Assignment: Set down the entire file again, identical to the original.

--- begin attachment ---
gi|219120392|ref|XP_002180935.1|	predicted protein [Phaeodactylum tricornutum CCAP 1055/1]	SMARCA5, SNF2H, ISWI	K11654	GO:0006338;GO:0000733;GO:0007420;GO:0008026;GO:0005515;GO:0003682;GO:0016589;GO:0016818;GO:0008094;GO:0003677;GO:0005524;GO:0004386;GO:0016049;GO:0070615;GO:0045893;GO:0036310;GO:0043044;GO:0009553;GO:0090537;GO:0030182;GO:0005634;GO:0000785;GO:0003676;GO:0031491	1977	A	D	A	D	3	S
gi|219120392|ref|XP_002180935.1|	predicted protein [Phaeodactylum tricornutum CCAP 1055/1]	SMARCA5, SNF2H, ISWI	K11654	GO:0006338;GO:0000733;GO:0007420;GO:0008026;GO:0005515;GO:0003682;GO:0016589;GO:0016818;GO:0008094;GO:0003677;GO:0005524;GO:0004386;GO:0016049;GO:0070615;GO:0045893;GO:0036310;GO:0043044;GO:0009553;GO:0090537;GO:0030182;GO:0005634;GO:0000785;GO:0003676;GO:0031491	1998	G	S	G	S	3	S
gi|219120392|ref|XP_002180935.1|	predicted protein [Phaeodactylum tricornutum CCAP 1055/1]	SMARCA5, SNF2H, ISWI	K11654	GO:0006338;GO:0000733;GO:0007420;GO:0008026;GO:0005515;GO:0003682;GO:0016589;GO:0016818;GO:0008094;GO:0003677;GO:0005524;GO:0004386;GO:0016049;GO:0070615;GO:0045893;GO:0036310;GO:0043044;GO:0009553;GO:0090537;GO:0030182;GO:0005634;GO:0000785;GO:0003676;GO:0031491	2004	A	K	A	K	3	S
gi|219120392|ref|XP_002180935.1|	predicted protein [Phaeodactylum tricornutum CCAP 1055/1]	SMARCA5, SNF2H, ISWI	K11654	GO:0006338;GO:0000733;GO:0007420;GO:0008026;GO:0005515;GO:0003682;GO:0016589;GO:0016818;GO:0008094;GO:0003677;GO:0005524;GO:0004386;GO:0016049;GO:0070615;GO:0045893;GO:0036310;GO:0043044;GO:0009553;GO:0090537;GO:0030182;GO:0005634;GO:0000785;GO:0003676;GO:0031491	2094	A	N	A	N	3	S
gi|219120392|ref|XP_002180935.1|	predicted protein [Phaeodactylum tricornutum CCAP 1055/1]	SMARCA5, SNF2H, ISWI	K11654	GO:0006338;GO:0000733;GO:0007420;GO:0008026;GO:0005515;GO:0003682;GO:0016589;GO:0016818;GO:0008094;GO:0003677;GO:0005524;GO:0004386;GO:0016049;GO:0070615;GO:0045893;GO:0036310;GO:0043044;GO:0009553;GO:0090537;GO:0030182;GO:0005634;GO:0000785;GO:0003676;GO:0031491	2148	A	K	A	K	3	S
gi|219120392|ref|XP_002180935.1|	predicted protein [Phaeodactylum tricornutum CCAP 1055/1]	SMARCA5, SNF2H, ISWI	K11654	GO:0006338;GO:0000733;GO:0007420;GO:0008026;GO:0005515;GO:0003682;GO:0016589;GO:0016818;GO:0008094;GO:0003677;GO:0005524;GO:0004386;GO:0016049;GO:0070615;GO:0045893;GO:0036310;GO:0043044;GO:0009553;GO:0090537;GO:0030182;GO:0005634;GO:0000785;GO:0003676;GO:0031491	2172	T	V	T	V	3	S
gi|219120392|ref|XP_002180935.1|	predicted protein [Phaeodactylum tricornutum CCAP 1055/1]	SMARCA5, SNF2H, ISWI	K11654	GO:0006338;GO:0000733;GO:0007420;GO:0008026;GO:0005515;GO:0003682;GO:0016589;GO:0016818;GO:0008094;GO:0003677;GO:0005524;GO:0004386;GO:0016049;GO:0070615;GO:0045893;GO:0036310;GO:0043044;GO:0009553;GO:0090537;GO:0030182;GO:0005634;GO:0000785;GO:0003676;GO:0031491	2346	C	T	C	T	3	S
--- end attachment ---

gi|219120392|ref|XP_002180935.1|	predicted protein [Phaeodactylum tricornutum CCAP 1055/1]	SMARCA5, SNF2H, ISWI	K11654	GO:0006338;GO:0000733;GO:0007420;GO:0008026;GO:0005515;GO:0003682;GO:0016589;GO:0016818;GO:0008094;GO:0003677;GO:0005524;GO:0004386;GO:0016049;GO:0070615;GO:0045893;GO:0036310;GO:0043044;GO:0009553;GO:0090537;GO:0030182;GO:0005634;GO:0000785;GO:0003676;GO:0031491	1977	A	D	A	D	3	S
gi|219120392|ref|XP_002180935.1|	predicted protein [Phaeodactylum tricornutum CCAP 1055/1]	SMARCA5, SNF2H, ISWI	K11654	GO:0006338;GO:0000733;GO:0007420;GO:0008026;GO:0005515;GO:0003682;GO:0016589;GO:0016818;GO:0008094;GO:0003677;GO:0005524;GO:0004386;GO:0016049;GO:0070615;GO:0045893;GO:0036310;GO:0043044;GO:0009553;GO:0090537;GO:0030182;GO:0005634;GO:0000785;GO:0003676;GO:0031491	1998	G	S	G	S	3	S
gi|219120392|ref|XP_002180935.1|	predicted protein [Phaeodactylum tricornutum CCAP 1055/1]	SMARCA5, SNF2H, ISWI	K11654	GO:0006338;GO:0000733;GO:0007420;GO:0008026;GO:0005515;GO:0003682;GO:0016589;GO:0016818;GO:0008094;GO:0003677;GO:0005524;GO:0004386;GO:0016049;GO:0070615;GO:0045893;GO:0036310;GO:0043044;GO:0009553;GO:0090537;GO:0030182;GO:0005634;GO:0000785;GO:0003676;GO:0031491	2004	A	K	A	K	3	S
gi|219120392|ref|XP_002180935.1|	predicted protein [Phaeodactylum tricornutum CCAP 1055/1]	SMARCA5, SNF2H, ISWI	K11654	GO:0006338;GO:0000733;GO:0007420;GO:0008026;GO:0005515;GO:0003682;GO:0016589;GO:0016818;GO:0008094;GO:0003677;GO:0005524;GO:0004386;GO:0016049;GO:0070615;GO:0045893;GO:0036310;GO:0043044;GO:0009553;GO:0090537;GO:0030182;GO:0005634;GO:0000785;GO:0003676;GO:0031491	2094	A	N	A	N	3	S
gi|219120392|ref|XP_002180935.1|	predicted protein [Phaeodactylum tricornutum CCAP 1055/1]	SMARCA5, SNF2H, ISWI	K11654	GO:0006338;GO:0000733;GO:0007420;GO:0008026;GO:0005515;GO:0003682;GO:0016589;GO:0016818;GO:0008094;GO:0003677;GO:0005524;GO:0004386;GO:0016049;GO:0070615;GO:0045893;GO:0036310;GO:0043044;GO:0009553;GO:0090537;GO:0030182;GO:0005634;GO:0000785;GO:0003676;GO:0031491	2148	A	K	A	K	3	S
gi|219120392|ref|XP_002180935.1|	predicted protein [Phaeodactylum tricornutum CCAP 1055/1]	SMARCA5, SNF2H, ISWI	K11654	GO:0006338;GO:0000733;GO:0007420;GO:0008026;GO:0005515;GO:0003682;GO:0016589;GO:0016818;GO:0008094;GO:0003677;GO:0005524;GO:0004386;GO:0016049;GO:0070615;GO:0045893;GO:0036310;GO:0043044;GO:0009553;GO:0090537;GO:0030182;GO:0005634;GO:0000785;GO:0003676;GO:0031491	2172	T	V	T	V	3	S
gi|219120392|ref|XP_002180935.1|	predicted protein [Phaeodactylum tricornutum CCAP 1055/1]	SMARCA5, SNF2H, ISWI	K11654	GO:0006338;GO:0000733;GO:0007420;GO:0008026;GO:0005515;GO:0003682;GO:0016589;GO:0016818;GO:0008094;GO:0003677;GO:0005524;GO:0004386;GO:0016049;GO:0070615;GO:0045893;GO:0036310;GO:0043044;GO:0009553;GO:0090537;GO:0030182;GO:0005634;GO:0000785;GO:0003676;GO:0031491	2346	C	T	C	T	3	S